Devolver Digital is back again with another game that’s as strange as it is unique. Card Shark is coming out early next month, and I was able to take a peak at the deck. I can’t imagine another game like this, so to simply call it original would be less than generous. But it can also be quite difficult, as some of the tricks it tasks you with are more complicated than I’d imagined and to the point where stress can easily set in. Still, it’s hard to not be intrigued by the style and contents of this game.
You play as a mute man in France. Not modern France, of course. Think more Les Miserables and you’ll have a good idea. Your character works at a tavern under a woman that has taken you in and watched out for you. One night, a gentleman called Comte de Germain seats himself at a table and clues you into the fact that he’s a card-based scam artist. He’s setting up a mark for later at your tavern and, if you’ll peak at his opponent’s hand, he’ll share the profits with you. The man returns later with his guest in tow, and you’ll then have to manage with Card Shark‘s first trick.
And it’s a pretty tricky one right off the bat. You have to spy the highest value card in the mark’s hand, and then communicate it to de Germain by wiping the table in certain ways. But you can only look as long as you pour wine in the mark’s cup. This gives you very little time to look, which was typically never long enough for me to actually see the cards. Regardless of how well you do here, the mark gets angry, pulls out his pistol, and things go awry, requiring your character to go on the run with de Germain.
It’s a decent set-up, with the hook being that your character is recognized for his con talents. This was a bit weird to me, as I’m horrible at things like this and my character completely whiffed his debut con. The basic gist is that you’ll frequently learn new tricks (there are more than a couple dozen) that vary from three-card-monte to jogging a deck so you can deal specific cards to your partner. You can choose from multiple locations on a map, as well as which marks will be there, and then go there and bet. The more you bet, though, the more suspicious your mark will get, which gives you less time to make your moves.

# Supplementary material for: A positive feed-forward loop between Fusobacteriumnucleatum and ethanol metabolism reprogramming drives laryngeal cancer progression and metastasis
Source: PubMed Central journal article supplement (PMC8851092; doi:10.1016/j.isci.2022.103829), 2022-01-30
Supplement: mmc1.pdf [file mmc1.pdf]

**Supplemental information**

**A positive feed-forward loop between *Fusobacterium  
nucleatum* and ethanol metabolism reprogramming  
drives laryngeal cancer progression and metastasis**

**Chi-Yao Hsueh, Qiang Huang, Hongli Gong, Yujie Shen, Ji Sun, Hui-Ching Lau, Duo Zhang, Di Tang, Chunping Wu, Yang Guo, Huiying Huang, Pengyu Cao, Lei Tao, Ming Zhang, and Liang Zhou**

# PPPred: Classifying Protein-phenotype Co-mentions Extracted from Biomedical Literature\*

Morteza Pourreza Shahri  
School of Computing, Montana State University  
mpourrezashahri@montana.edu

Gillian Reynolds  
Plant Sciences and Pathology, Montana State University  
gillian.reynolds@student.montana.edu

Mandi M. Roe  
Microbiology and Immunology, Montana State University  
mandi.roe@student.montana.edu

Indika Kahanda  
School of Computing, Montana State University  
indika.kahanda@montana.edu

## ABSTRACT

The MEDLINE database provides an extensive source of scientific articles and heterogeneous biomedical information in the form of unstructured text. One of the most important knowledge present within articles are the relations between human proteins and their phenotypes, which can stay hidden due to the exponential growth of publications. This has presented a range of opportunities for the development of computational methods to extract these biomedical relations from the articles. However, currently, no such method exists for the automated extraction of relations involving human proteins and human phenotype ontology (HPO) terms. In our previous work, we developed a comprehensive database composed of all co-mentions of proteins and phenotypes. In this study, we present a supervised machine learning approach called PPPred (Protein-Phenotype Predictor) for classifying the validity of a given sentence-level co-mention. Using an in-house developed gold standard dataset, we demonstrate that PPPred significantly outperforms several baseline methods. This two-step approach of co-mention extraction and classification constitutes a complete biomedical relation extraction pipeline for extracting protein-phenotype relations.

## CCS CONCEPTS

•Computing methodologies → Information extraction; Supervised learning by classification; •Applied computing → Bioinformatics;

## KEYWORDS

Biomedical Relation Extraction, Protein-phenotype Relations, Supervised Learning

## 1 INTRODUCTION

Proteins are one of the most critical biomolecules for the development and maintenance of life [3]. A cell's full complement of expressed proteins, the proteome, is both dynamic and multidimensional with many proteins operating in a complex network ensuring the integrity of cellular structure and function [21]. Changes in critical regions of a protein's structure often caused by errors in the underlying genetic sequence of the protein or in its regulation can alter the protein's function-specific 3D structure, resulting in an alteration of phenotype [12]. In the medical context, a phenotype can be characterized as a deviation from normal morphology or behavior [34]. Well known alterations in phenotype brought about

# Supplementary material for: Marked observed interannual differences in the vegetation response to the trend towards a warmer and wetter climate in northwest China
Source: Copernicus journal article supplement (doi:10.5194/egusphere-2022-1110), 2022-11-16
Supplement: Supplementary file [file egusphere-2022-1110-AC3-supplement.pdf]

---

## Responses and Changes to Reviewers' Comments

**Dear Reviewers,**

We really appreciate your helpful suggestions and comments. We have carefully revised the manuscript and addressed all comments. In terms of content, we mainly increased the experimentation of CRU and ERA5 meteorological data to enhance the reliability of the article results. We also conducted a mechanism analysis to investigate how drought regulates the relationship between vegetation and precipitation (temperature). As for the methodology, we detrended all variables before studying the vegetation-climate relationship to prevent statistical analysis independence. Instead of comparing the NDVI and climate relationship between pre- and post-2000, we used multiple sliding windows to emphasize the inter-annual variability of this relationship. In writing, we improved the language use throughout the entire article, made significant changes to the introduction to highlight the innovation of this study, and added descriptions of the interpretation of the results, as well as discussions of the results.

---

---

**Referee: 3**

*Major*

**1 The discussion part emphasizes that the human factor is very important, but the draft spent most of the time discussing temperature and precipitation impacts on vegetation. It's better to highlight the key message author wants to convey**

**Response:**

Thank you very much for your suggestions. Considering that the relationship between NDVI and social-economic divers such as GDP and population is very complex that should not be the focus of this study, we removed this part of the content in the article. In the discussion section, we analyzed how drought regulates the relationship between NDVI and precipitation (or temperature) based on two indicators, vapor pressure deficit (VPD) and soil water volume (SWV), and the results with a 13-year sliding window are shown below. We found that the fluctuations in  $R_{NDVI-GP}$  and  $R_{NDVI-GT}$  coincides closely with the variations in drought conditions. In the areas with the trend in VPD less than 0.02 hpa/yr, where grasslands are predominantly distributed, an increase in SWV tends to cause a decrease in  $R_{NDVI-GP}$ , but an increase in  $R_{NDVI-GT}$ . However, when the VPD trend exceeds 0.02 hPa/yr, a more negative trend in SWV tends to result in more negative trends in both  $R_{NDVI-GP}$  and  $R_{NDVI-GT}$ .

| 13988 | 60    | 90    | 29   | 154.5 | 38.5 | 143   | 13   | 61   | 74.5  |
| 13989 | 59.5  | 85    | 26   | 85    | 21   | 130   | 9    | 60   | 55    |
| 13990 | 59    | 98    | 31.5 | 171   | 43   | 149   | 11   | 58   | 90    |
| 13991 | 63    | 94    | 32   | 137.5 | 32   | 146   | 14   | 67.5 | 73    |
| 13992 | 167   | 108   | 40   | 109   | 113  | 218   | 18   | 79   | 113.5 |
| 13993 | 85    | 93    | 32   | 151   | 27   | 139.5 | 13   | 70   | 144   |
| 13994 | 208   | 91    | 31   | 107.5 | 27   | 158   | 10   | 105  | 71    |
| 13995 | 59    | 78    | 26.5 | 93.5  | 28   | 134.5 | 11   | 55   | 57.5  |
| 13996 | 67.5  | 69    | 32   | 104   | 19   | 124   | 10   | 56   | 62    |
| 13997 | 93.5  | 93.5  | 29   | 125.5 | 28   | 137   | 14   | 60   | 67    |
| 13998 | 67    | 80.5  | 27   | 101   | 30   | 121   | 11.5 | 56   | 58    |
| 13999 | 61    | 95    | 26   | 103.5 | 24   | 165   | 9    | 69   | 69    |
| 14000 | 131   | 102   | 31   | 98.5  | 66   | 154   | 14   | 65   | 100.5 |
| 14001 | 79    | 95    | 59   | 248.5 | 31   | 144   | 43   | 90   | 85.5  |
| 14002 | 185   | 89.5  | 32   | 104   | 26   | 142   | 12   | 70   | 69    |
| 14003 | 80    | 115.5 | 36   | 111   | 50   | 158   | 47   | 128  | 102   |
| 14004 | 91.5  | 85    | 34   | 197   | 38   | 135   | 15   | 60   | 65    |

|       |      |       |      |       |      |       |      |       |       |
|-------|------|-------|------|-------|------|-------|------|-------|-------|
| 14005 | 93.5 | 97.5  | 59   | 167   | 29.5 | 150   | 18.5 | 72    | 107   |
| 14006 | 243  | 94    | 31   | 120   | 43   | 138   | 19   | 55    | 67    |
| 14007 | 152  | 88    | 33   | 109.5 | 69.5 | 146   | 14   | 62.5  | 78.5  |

Unfortunately for me, the aforementioned trick where you look at cards while pouring wine makes a return. It gets more complex, and you need to not only signal details about the highest card, but the number of total cards of that suit in the mark’s hand. I was pretty much incapable of doing this, as I always ran out of time before pouring wine, so I found myself in a spot of bother. Still, I can’t help but appreciate Card Shark‘s premise, execution and sense of style.
I’m not sure how far I’ll be able to make it into Card Shark, or if I’ll even be capable of getting past the trick I’m stuck on (I’m also thoroughly confused by how wiping the table works), but I’m intrigued by the game enough to give it another try. If card tricks and watercolor artwork are up your alley, you’ll probably want to keep an eye on June 2 when the game releases. With all the tricks the game has up its sleeve, at the very least, you’ll probably learn a thing or two.
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